Shipwrecks of the Great Lakes: The SS Daniel J. Morrell

by Julie Royce /
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Aug 06, 2022 / 0 comments

The approximate 6,000 ships that have succumbed to raging storms attest to the power of the Great Lakes. As I traveled, writing and compiling information for my three-volume travel series, Exploring Michigan's Coasts, I heard or read the tales left behind by those ill-fated ships. They add a somber, but compelling backdrop to Michigan’s waterways. 

The SS Daniel J. Morrell rests on the bottom of Lake Huron in the Thumb Underwater Preserve. The Morrell went down in 1966 near the shores of Harbor Beach. Today, each of her halves sits upright in about 200 feet of water. They stand as a testament that not all the ships that sank in Huron’s November wraths did so in the late 1800s or the early 1900s before GPS and better weather-predicting tools. Even today, a great ship cannot always escape Lake Huron when she is riled.

Downbound St. Clair River opposite the Pine River just below the St. Clair Inn on November 25, 1966 at 5:00pm. This is the last known photo for the Daniel J. Morrell. Photo by Emory Massman, via boatnerd
Downbound St. Clair River opposite the Pine River just below the St. Clair Inn on November 25, 1966 at 5:00pm. This is the last known photo for the Daniel J. Morrell. (Photo by Emory Massman, via boatnerd)

The Daniel J. Morrell, a 356-foot freighter, had transported coal, grain, and sometimes stone during her working days. But she was primarily an iron ore carrier, and she was heavily loaded for her last trip of the year—a trip that unexpectedly extended the Morrell’s season. She had been called at the last minute to replace an out-of-commission sister ship.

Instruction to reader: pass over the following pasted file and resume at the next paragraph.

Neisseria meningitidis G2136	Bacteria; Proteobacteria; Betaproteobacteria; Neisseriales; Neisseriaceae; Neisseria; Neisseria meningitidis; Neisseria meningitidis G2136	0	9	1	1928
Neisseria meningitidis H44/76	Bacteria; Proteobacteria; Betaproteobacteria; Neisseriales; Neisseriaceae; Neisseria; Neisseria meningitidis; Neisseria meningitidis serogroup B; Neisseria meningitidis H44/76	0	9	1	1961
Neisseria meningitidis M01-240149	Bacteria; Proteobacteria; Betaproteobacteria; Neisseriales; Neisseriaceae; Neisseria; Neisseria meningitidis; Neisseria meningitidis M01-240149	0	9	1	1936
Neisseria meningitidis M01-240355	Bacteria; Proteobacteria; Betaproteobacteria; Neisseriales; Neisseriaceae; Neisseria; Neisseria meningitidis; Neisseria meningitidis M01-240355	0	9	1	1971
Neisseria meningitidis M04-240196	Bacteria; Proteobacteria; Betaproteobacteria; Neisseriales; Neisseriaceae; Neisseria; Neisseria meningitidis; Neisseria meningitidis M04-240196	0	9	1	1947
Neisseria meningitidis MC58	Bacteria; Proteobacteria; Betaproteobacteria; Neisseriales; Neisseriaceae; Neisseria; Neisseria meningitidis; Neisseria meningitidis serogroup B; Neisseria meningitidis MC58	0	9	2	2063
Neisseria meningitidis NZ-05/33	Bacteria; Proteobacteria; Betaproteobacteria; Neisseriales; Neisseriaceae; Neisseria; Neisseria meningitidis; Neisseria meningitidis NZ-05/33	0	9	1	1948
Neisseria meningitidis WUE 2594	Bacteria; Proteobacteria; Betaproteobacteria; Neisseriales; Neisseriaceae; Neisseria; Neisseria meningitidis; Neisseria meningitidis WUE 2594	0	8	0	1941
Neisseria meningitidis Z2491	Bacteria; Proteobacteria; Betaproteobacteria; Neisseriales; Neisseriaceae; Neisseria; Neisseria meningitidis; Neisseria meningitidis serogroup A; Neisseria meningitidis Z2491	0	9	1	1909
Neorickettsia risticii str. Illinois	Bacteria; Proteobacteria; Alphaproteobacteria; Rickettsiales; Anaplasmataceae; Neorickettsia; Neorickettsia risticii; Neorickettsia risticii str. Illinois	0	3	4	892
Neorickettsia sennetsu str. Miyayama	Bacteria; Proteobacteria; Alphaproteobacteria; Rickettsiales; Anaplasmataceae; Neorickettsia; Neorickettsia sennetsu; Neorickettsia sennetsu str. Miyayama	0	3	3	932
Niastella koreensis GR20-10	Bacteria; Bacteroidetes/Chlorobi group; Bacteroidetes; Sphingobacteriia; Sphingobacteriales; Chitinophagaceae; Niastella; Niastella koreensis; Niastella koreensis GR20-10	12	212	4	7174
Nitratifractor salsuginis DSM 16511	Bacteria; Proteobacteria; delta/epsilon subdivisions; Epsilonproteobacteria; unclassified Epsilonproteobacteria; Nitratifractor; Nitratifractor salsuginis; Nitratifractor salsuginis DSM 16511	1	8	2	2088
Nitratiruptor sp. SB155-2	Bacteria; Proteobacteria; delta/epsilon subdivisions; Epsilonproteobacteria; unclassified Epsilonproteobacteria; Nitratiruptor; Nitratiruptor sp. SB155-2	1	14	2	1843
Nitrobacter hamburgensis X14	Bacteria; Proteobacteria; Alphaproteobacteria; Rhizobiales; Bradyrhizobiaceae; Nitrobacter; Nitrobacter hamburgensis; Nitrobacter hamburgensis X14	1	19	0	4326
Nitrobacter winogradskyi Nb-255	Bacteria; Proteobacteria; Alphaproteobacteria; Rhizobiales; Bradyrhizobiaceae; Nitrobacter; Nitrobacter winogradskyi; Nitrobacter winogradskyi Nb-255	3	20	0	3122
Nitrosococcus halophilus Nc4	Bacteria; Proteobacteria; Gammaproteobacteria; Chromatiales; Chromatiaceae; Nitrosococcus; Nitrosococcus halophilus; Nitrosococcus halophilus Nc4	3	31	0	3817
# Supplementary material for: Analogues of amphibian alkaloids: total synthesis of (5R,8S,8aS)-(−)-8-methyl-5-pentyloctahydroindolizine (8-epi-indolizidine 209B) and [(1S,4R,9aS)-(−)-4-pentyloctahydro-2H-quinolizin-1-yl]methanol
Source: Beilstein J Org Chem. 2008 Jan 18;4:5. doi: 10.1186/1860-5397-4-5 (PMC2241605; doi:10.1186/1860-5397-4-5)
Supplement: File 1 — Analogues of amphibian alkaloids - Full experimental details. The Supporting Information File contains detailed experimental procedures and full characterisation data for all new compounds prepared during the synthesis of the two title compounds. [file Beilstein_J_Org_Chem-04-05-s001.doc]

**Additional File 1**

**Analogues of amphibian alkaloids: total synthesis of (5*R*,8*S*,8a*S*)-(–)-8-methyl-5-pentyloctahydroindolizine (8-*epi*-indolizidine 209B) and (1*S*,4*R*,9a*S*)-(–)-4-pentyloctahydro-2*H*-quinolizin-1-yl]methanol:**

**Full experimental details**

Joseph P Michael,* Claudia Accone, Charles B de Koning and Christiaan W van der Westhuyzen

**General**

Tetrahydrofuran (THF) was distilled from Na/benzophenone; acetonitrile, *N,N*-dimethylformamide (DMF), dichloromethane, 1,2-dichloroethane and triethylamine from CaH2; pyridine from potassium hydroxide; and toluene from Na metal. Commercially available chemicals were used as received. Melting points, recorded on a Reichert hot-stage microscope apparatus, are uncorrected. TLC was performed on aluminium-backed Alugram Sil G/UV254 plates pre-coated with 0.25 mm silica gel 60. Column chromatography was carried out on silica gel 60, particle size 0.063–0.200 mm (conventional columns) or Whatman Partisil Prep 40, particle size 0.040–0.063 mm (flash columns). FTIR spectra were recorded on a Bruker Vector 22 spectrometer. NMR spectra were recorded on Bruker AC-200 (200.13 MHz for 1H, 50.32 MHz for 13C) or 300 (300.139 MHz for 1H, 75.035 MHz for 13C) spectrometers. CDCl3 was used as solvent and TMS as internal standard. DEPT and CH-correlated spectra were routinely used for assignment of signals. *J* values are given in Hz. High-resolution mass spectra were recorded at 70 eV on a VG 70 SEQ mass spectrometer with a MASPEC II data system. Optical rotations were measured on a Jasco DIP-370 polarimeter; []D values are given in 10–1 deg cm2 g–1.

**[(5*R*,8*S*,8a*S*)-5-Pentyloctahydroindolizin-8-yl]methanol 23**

Daniel J Morrell. Photo: BGSU University Libraries Historical Collections of the Great Lakes
Photo: BGSU University Libraries Historical Collections of the Great Lakes 

A blizzard swept down to challenge the Morrell’s journey. As midnight ushered out Monday, and Tuesday arrived, the tempest grew angrier. Temperatures dropped to 20 degrees. The morning hours terrified even the bravest of seamen. In the early hours of December 1, the unthinkable happened. The Morrell was ripped apart. 

Drawings by Robert McGreevy of the Daniel J Morrell on the bottom of Lake Huron
Drawings by Robert McGreevy of the Daniel J Morrell on the bottom of Lake Huron

One man survived. He had a story to tell, but survivor’s guilt (or maybe what they now call PTSD) kept him from sharing many of the details for 25 years. Contemplating his ordeal was too painful to think about, let alone put into words or commit to the pages of a book. Eventually, the passage of time and support of friends and loved ones convinced him to write Shipwrecked: Reflections of the Sole Survivor. Dennis Hale dedicated his book to the 28 shipmates and friends who perished that grim voyage.

Hale, a deck watchman, felt he shouldn’t have lived when everyone else aboard the Morrell was dead. Upon rescue, he was taken to Harbor Beach Community Hospital, where he was treated for hypothermia and dehydration. A priest administered last rites.